New Clock Cases

   Some work that has now passed through my workshop has been entirely in bits and pieces, and on their last legs when they came in.

   This has given me the opportunity to see just how the construction was carried out to the many types of clock cases, so initially, for my own satisfaction I constructed one or two from scratch, I understand fully that balance to the proportions and construction is everything, but apart from the age factor, there was little or no difference from mine to the real thing, see what you think to this case.

   Don't get me wrong, I thoroughly enjoy the work that I do to all the restorations I carry out, but if the opportunity arises whereby I can manufacture a new case as the existing one is solid woodworm dust !, or it was simply lost many years ago, all the better. They don't come around all that often so when they do I relish the opportunity to make a New Case just as it was supposed to be.

   The above item was very satisfying, (on this occasion it was for a customer not me). It was a mahogany, silver dial clock, with a fusee movement, complete with draw to the base which just happens to hold the key and is the norm in this case. The movement and dial were restored at the same time.

Why would I want to do this?

   To give you an Idea why this was done, I'll quote a few figures, if you were to buy this particular type of clock, from some retailers perfect and original including the case in every way, the costs could be in excess of  £15,000 Depending on the design, date of manufacture etc.

   This particular dial and movement had been lying around for sometime and had previously been made up into a bracket clock of sorts, overall value about £1,200 but the case was totally wrong for this dial and movement. So when it was realised what it should look like, in a proper Mahogany Wall Clock case, the gentleman decided to have a case purpose made, value now possibly in excess of £7,000.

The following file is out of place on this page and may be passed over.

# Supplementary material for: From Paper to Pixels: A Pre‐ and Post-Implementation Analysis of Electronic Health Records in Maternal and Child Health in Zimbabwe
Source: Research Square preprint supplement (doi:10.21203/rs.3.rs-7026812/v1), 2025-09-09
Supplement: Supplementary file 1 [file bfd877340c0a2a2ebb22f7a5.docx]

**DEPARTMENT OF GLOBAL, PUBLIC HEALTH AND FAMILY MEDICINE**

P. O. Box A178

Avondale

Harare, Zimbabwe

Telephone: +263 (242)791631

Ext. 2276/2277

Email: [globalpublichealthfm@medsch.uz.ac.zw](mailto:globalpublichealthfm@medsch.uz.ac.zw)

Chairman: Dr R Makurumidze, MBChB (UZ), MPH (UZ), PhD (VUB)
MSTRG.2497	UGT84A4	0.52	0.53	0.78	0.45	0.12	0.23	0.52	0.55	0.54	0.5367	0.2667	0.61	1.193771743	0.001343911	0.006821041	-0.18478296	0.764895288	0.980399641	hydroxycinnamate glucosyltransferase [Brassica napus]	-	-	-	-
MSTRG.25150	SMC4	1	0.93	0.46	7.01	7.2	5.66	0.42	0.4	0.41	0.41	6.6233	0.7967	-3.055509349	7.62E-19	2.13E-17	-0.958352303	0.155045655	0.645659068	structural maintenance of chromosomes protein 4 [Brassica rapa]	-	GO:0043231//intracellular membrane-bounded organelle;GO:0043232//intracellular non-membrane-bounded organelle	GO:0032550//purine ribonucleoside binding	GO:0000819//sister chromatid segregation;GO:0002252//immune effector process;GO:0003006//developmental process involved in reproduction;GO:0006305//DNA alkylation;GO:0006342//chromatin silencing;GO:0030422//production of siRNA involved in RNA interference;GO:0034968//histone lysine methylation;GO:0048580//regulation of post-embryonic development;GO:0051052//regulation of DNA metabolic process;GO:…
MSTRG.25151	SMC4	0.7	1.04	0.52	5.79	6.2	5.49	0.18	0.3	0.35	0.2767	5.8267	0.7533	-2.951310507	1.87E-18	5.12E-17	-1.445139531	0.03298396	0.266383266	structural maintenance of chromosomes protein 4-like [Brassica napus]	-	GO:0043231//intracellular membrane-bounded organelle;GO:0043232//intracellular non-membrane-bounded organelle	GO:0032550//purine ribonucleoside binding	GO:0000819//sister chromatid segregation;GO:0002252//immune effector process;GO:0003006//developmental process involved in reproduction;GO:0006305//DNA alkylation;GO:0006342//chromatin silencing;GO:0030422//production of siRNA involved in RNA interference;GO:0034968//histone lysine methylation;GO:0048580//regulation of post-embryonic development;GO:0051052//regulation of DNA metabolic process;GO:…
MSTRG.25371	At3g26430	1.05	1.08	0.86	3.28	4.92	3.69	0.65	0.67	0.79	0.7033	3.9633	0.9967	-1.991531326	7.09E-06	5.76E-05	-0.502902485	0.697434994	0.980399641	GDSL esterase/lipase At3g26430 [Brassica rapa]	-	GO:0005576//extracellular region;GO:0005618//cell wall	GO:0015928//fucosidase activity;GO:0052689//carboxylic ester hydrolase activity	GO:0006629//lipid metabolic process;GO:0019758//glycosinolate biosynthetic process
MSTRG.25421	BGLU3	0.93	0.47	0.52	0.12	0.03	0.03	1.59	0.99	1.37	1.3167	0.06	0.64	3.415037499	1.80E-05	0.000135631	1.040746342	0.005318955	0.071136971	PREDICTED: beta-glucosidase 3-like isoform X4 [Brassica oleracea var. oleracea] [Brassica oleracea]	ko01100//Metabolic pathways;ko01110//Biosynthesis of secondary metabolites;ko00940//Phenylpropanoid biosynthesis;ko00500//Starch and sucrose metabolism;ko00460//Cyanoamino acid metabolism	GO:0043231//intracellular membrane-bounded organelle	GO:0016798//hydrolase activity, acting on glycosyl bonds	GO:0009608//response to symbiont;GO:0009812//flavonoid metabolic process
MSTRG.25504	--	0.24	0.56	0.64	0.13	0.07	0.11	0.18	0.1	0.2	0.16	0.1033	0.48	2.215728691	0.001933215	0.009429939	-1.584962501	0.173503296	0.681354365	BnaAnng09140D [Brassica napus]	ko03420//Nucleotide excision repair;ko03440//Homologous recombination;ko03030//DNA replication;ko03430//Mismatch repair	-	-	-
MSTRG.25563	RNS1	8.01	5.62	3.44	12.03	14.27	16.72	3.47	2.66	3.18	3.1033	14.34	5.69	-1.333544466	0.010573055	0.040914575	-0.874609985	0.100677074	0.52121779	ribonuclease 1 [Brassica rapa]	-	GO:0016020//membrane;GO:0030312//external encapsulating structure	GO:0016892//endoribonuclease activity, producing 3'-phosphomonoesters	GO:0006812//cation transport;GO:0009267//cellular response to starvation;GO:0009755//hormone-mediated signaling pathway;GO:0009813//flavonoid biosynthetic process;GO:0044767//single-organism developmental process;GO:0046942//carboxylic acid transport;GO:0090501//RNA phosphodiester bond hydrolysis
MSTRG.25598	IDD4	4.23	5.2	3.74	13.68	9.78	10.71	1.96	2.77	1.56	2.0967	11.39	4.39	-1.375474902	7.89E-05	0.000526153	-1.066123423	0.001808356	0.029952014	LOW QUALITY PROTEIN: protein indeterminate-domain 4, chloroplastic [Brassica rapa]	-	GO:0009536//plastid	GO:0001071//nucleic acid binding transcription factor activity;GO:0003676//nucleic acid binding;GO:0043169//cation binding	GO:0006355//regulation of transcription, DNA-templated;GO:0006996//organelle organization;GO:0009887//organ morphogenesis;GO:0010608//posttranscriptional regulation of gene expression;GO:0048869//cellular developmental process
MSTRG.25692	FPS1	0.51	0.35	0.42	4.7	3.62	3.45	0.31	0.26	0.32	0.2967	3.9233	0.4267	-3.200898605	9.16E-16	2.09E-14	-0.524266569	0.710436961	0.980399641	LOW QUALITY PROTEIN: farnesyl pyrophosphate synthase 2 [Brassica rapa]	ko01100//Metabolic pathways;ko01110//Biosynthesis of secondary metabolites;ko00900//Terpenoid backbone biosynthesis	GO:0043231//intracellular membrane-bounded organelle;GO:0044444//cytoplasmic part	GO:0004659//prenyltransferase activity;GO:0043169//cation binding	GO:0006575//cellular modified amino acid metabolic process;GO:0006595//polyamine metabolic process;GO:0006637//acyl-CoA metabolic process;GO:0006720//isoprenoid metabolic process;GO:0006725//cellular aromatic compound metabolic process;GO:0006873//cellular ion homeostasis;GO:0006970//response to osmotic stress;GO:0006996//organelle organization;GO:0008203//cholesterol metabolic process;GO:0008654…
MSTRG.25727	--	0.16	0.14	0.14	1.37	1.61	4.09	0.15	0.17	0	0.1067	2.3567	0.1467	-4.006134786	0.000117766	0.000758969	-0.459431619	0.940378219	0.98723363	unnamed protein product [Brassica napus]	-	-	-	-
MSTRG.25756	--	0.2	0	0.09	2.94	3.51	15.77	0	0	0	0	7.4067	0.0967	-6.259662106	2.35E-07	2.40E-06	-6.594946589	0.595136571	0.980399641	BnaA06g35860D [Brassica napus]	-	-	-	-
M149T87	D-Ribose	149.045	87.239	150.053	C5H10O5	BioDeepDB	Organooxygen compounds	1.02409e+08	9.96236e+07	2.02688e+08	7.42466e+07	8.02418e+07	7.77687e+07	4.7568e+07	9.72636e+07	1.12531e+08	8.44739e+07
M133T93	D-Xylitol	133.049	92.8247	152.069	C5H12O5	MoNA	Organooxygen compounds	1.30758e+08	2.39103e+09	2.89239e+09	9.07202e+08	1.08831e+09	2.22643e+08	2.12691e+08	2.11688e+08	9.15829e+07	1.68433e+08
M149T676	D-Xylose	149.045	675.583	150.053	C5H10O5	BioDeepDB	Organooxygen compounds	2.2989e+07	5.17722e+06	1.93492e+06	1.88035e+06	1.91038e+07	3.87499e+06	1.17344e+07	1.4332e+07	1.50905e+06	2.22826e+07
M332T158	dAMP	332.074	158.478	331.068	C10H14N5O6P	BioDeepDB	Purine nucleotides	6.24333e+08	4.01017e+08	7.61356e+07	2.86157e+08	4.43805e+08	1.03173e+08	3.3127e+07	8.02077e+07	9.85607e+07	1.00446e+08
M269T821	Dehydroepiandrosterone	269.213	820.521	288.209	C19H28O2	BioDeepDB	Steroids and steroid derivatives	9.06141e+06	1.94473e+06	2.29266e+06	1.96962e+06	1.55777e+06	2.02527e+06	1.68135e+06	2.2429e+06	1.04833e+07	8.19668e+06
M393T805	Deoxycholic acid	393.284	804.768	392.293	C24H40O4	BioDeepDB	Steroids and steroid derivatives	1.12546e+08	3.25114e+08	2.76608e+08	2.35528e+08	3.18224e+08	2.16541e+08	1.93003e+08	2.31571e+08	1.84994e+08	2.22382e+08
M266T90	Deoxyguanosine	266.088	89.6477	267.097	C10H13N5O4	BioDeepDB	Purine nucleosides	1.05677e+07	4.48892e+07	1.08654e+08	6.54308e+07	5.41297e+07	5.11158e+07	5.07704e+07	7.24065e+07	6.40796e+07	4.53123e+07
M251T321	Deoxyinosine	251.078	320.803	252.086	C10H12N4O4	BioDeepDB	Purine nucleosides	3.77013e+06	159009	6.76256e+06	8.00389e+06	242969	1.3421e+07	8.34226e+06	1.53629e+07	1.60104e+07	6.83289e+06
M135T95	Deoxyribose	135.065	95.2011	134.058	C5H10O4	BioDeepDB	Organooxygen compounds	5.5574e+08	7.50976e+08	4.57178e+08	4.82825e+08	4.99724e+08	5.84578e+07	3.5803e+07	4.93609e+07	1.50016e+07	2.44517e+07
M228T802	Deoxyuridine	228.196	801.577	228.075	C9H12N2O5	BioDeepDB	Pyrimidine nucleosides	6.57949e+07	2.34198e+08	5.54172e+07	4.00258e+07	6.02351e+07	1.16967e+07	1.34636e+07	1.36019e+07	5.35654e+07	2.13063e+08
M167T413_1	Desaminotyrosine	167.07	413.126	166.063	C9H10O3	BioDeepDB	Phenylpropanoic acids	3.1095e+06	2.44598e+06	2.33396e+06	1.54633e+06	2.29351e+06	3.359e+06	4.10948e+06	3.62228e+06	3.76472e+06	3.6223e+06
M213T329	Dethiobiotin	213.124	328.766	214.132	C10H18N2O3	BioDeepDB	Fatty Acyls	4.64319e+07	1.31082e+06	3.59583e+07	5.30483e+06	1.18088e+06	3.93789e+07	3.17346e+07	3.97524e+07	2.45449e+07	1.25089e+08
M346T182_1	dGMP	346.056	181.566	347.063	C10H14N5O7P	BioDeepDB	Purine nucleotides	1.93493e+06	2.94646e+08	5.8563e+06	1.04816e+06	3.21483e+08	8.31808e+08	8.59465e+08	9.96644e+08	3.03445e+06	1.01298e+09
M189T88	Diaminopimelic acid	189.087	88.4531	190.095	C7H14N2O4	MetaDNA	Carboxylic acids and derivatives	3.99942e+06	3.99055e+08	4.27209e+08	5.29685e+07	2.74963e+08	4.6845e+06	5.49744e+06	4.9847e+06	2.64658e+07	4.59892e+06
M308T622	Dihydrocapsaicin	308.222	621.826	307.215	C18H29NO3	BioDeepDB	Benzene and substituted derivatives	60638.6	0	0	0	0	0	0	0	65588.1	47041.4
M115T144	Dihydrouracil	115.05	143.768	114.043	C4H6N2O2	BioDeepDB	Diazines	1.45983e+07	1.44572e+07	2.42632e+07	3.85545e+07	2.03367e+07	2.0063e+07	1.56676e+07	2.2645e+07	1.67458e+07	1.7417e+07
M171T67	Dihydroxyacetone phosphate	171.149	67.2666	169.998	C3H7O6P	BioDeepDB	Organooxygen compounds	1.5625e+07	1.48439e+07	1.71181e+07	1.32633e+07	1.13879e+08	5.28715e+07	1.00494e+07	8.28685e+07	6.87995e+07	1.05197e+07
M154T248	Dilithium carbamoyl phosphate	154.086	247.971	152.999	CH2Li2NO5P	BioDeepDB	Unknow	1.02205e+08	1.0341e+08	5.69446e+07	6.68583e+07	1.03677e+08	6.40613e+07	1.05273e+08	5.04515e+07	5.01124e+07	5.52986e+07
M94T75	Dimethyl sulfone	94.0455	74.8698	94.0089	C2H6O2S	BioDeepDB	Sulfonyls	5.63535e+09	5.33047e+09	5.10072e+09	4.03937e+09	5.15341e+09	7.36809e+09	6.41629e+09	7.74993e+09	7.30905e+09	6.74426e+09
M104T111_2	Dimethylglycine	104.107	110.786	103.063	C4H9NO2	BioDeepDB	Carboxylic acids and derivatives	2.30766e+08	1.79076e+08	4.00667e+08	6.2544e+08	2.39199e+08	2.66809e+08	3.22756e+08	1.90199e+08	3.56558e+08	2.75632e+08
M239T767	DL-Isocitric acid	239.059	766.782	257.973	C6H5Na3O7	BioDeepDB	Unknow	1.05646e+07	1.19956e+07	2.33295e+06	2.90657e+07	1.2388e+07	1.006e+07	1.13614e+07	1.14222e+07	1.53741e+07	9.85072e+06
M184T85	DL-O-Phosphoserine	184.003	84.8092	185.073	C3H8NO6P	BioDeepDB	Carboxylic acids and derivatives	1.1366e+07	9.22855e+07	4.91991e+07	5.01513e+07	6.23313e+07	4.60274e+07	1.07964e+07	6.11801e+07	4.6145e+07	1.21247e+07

The silver dial clock now has the correct design case in quality & finesse and without doubt the look of a perfect dial clock of this calibre, but true to say unfortunately, not its age. This is the one thing that you really cannot copy, nor would I or the owner in question try to purport it to be something that it is not.

   Other than it now being in the correct type of case to suit the dial and movement, in the end we were all pleased with the result.

   Another Item that I was rather pleased with, is this small New Case, Oak Long case Clock I had acquired the movement and dial some time ago, so I thought I would make up the long case to suit.

Gallery New Cases

  • Mahogany wall clock drawing.
    Mahogany wall clock drawing.
     
  • Cutting mitre to drawer base.
    Cutting mitre to drawer base.
     
  • Profile of moulds inside drawer.
    Profile of moulds inside drawer.
     
  • Dial clock Inside of case.
    Dial clock Inside of case.
     
  • Wall clock, draw and moulds.
    Wall clock, draw and moulds.
     
  • Reeded stop chamfer.
    Reeded stop chamfer.
     
  • Dial prior to re-silvering.
    Dial prior to re-silvering.
     
  • Mahogany dial clock, design by another.
    Mahogany dial clock, design by another.
     
  • Wall clock, swept moulding and fretted top.
    Wall clock, swept moulding and fretted top.
     
  • Wall clock top left corner of moulds & fret.
    Wall clock top left corner of moulds & fret.
     
  • Wall clock movement, after restoration.
    Wall clock movement, after restoration.
     
  • Mahogany wall clock 2010 complete.
    Mahogany wall clock 2010 complete.
     

Click on one of the pictures to view a larger version

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